"Nobody is in agreement…It’s that, no one says it and no one takes the risk to say it, to speak the truth. That’s what is happening. In other words, one of the foundations, of what are the regimes in the entire world, in all of history, has been fear and lies. In other words, once you are in fear that's when you don’t take a risk, where you collect yourself and don’t unite…understood? To be in fear is not to offer help to anyone because that signifies risk." -Gorki Águila Carrasco, lead singer, guitarist of the music group Porno Para Ricardo and political prisoner
"Socialist ideology, like so many others, has two main dangers. One stems from confused and incomplete readings of foreign texts, and the other from the arrogance and hidden rage of those who, in order to climb up in the world, pretend to be frantic defenders of the helpless so as to have shoulders on which to stand." --Jose Marti

View Che Guevara's Forgotten Victims on Scribd



Thursday, September 20, 2007


Cuban woman tells tales of human smuggling

Ray Sanchez | Cuba notebook. Sun-Sentinel, September 16, 2007.

Word about potential smuggling voyages comes to her almost weekly, a 24-year-old woman named Adiany says.

Just last week, a friend informed her that two go-fast boats from South Florida would pick up 52 Cuban migrants along the northern coast. "This time it's a sure thing," the friend insisted.

Though anxious to be reunited with her husband in Miami, Adiany declined. The uncertainty and peril surrounding two of her previous trips worried her mother. "I don't think she can handle the stress," said Adiany, who asked that her full name not be used for fear of reprisals by Cuban police.

Adiany claims to have tried to leave the island 25 times. Cuban police have arrested her "numerous" times on her way to meet smugglers, and held her overnight, she said. Other times the boats failed to show up. Twice she has made it on board smuggling vessels, only to be intercepted by the U.S. Coast Guard and returned to Cuba.

"You try and you fail," said Adiany, who now contemplates flying to a Latin American country and entering the United States through Mexico. "Then you keep trying and trying until finally you make it."

The number of Cubans trying to leave the island appears to be rising, according to analysts and coast guard officials, who cite an increase in interdictions at sea this year. With slightly more than three months to year's end - as of Thursday - the Coast Guard has intercepted 2,467 Cuban migrants at sea, compared with a total of 2,293 in 2006. The current rate threatens to eclipse the 2,952 migrants intercepted in 2005, the largest one-year total since 1994, when 37,191 Cubans were picked up at sea during the rafter crisis.

Adiany attributed the surge to growing desperation among Cubans frustrated with economic disparities as well as U.S. and Cuban government polices that force the separation of families. Because she has been arrested for trying to leave Cuba, Adiany can no longer find work.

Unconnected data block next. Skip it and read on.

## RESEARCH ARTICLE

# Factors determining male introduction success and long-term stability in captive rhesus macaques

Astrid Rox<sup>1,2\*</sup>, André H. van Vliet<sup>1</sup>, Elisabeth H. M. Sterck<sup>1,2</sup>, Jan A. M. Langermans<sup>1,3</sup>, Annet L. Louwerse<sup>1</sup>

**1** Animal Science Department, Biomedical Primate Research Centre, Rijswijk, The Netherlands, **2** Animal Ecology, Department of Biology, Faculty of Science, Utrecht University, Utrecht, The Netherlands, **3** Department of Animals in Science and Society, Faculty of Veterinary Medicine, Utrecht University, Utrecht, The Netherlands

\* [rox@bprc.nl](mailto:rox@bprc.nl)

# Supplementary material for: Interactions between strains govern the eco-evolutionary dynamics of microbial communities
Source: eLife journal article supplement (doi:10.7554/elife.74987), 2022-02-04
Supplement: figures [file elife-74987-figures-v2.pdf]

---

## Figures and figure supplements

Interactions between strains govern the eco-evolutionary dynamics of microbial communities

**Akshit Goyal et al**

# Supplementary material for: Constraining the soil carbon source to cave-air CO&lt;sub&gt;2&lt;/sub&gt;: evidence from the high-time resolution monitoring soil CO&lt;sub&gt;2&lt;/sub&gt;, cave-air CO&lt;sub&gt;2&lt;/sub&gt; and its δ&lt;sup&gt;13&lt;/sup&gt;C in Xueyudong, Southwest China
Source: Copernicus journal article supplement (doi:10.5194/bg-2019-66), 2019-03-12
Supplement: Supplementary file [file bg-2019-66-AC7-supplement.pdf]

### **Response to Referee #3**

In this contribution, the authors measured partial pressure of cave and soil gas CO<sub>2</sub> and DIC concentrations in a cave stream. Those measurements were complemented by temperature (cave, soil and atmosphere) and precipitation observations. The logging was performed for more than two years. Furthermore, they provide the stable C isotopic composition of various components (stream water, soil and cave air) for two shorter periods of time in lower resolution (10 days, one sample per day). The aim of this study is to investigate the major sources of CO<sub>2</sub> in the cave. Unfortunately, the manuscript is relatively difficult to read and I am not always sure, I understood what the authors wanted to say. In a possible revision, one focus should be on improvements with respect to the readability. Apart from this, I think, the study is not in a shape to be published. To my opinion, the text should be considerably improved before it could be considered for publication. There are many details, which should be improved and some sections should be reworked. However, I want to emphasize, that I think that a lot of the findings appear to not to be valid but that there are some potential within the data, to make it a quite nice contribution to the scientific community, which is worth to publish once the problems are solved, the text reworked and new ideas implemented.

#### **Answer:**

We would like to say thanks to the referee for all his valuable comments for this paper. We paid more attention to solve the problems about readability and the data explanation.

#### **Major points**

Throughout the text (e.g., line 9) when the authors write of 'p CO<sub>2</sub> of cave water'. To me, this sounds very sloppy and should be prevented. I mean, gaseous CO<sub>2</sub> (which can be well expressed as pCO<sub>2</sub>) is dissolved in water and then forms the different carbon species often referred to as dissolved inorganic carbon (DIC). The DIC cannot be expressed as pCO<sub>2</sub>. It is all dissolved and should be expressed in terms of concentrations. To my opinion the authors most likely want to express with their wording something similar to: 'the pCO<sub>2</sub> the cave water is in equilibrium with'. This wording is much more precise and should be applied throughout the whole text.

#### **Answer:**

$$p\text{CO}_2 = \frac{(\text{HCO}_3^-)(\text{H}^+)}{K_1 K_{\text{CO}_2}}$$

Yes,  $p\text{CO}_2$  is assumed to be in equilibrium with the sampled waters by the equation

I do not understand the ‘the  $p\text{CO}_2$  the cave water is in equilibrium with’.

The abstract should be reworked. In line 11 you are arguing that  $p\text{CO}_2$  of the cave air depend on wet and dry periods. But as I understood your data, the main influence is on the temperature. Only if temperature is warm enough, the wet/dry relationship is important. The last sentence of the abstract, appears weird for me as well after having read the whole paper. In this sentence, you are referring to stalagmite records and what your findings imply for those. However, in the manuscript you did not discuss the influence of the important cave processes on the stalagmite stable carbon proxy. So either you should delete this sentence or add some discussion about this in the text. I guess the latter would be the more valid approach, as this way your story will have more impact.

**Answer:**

Her husband, Franscisco, left Cuba on a go-fast boat a year and a half ago. He lives in Miami, where he installs Direct TV equipment, work that helped him raise part of the $10,000 fee the smugglers will collect when they bring Adiany to Florida. He sends money to Adiany and her mother, but U.S. government limits the amount he can send to $100 per month.

Her mother has done her part to raise the smuggler's fee as well, illegally selling her home in Cuba and moving into a smaller house.

"Getting to Florida becomes an obsession," Adiany said. "The desperation is so great."

Adiany calmly described the disturbing first moments of the perilous journeys. As many as two dozen people wait in water up to their necks or deeper for the boat to arrive. When it does, "People climb over you," she said. "I was pushed underwater. People stepped on me. It's a human stampede. No one cares. There is no control."

A friend of Adiany provided similar accounts. Emilia, a 21-year-old Cuban who twice crossed the Florida Straits with Adiany, said smugglers attempt to maintain order by requesting that women and children board first, but to no avail.

"The men are the first to climb up," Emilia said in a phone interview. "Only then do they try to help others. Everyone fears that the Cuban coast guard will show up and they'll be left behind. It's survival of the fittest."

Adiany and Emilia most recently boarded a boat July 23. Adiany said a migrant traveling near her repeatedly struck his head on the floor of the vessel as it pulled into the open sea. She remembered his head swelling and his body convulsing and twitching as the go-fast boat equipped with three 250-horsepower engines lurched along the Florida Straits in the predawn.

"I remember him saying at the start of our journey that he was determined to reach the United States even in death," Adiany said. "He nearly died."

After the smuggling vessel was intercepted 65 miles south of Dry Tortugas, the man Adiany called Carlos was flown by helicopter to Miami's Jackson Memorial Hospital. Because he had reached dry land, he was allowed to remain in the United States.

The two suspected smugglers were turned over to the customs and border protection authorities in Key West as part of a criminal investigation, according to the U.S. Coast Guard.

Of the 24 migrants, nine - including a child and Emilia - were turned over to American officials in Key West to assist in the criminal investigation. The testimony of the other migrants, including Adiany, was not needed and they were returned to Cuba on Aug. 2.

No comments: